Back in November I bought my husband a copy of Principles by Ray Dalio. Honestly, I didn’t know much about Dalio, and only knew that he was a hedge fund manager and that his book was a top read for anyone in business. As my husband and I are both trying to read more, for personal development, I got him the book to help him grow his business mindset. Since then, I haven’t thought much about the book or the author, until this week.
In my daily life, I like to listen to podcasts and make use of NET time. Tony Robbins explains that No Extra Time (NET) is great for personal development. Listening to podcasts while I’m driving or doing laundry or other activities is a great way to utilize No Extra Time. Sure I could be watching Bravo and finding out what all the housewives are up to (and I do), but hey a little bit of personal growth never hurt anyone.
While driving from my hometown to where I currently live, I had a 3.5 hour drive, which felt like 35 with two yelling honey badgers in the back seat. During this drive, I was listening to the Tony Robbins Podcast and came across a two-part interview with Ray Dalio. Being as this months focus is money, and Dalio is a self-made billionaire, I felt like this was a good opportunity to learn about someone I knew little about, and also focus on my Happiness Project.
Dalio is so much more than a self-made billionaire, whose hedge fund is worth more than his closest two competitors combined. He is a thoughtful business man, who has experienced success and failures and learned to use failure as a tool to reach “audacious goals” set for oneself.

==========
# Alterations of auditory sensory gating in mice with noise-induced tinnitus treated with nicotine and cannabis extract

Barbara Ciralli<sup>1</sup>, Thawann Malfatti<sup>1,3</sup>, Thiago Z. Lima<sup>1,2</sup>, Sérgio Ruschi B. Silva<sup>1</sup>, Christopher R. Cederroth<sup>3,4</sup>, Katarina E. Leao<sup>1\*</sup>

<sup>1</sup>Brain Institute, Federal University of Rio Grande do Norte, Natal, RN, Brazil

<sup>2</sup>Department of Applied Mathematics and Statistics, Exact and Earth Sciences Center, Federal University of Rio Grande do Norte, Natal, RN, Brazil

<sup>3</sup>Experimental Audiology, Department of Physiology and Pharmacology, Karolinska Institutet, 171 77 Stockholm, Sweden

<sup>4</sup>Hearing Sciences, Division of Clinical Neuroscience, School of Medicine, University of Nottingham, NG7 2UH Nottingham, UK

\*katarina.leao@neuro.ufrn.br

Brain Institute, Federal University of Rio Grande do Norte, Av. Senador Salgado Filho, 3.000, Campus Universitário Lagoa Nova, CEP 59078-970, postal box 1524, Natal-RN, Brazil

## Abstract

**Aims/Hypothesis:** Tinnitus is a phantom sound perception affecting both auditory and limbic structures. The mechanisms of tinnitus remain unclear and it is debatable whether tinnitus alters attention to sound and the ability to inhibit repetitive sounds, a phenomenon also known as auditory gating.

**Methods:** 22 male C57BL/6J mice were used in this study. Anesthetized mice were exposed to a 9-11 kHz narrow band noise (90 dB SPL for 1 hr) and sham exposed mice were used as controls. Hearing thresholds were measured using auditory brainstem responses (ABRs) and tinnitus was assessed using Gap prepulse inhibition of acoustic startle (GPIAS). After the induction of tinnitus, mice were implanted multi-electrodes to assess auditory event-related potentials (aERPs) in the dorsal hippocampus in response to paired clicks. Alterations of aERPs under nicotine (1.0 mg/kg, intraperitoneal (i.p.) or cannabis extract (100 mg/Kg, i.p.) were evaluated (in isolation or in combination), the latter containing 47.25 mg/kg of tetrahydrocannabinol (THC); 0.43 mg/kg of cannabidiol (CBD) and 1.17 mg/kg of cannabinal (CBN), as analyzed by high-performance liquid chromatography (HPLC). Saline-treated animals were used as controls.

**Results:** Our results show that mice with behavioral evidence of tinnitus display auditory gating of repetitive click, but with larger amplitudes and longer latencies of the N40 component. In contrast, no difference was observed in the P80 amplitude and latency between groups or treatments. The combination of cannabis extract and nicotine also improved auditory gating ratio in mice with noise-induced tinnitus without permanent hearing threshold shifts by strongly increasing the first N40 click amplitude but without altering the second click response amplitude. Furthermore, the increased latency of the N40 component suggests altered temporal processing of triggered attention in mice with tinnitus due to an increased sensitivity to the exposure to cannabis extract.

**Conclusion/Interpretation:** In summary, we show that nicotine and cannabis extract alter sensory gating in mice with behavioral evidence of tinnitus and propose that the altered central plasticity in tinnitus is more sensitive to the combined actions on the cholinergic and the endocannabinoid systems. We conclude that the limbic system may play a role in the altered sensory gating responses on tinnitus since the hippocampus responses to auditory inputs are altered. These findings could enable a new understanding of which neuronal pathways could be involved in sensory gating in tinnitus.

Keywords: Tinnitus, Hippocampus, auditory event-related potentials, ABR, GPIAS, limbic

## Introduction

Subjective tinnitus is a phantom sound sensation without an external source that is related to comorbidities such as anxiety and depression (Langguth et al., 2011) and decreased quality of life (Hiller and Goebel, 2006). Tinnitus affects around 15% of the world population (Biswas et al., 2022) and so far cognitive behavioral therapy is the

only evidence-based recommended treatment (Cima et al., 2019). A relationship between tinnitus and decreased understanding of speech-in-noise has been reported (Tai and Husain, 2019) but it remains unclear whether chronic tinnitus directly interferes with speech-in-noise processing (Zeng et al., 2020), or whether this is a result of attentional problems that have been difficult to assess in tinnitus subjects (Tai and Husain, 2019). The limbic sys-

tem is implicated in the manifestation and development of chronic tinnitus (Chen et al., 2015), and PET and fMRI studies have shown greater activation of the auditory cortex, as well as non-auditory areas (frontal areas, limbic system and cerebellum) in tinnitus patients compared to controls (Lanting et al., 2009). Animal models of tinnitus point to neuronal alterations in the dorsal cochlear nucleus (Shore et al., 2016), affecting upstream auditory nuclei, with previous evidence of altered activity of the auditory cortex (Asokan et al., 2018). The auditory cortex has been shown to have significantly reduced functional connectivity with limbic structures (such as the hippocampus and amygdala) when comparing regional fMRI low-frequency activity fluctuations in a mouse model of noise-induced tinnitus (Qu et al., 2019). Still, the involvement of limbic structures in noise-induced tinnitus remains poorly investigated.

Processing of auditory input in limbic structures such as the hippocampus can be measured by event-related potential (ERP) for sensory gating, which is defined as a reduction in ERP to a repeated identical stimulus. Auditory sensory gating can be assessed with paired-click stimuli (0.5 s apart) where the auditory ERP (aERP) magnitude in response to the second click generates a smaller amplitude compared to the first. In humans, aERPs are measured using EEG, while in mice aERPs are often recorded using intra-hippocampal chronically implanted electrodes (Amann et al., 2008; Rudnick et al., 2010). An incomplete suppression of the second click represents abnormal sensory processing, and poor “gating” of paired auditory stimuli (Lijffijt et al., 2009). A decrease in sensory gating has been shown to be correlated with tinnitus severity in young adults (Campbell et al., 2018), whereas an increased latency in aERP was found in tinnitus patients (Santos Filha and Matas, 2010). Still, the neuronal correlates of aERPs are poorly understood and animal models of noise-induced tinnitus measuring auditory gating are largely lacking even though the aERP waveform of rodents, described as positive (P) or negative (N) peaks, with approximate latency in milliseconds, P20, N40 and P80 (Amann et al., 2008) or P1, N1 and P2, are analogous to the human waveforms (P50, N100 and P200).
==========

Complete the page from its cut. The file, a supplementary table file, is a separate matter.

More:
Throughout the podcast he and Tony discuss various life events which have influenced him to become the success that he is. He gives a brief outline of how he establishes his guiding principle which have not only helped him succeed after failures in business but also in his personal life.
Dalio explain you need to find the smartest person you can who disagrees with you and triangulate together, to stress test the problem. Meaning, surround yourself with people who you may not agreement with, but have a deep understanding of what you are going through. This could be applied to personal situations not just business, where you can look to someone who has been there and has the knowledge to help you move forward. Everyone will encounter problems and failure. When this happens he uses failure to establish a guiding principle to help succeed in future situations by:
(1) Diagnosing the problem.
(2) Designing a solution.
(3) Push through it! Just do it and get it done!
(4) Understand and conceptualize what worked and what didn’t in the situation.
By doing this you can create principles to guide you, so that when future problems occur, (and we all know they will) you have a plan of action and not a reaction to a problem. This is true for not business and personal relationships, and also when learning to master money. Example: If I have an emergency fund, then when a problem or unexpected bill comes up, I can have a pre-set plan of action of exactly how I will use my principles to guide me.
This got me thinking, do I have a set of principles that guide my interactions without knowing? Personal principles? Financial principles? How have I used failure as a learning tool to be better? Do you have a known set of principles? Write them down! Lets share them and figure them out together!
You can buy your copy here: Principles: Life and Work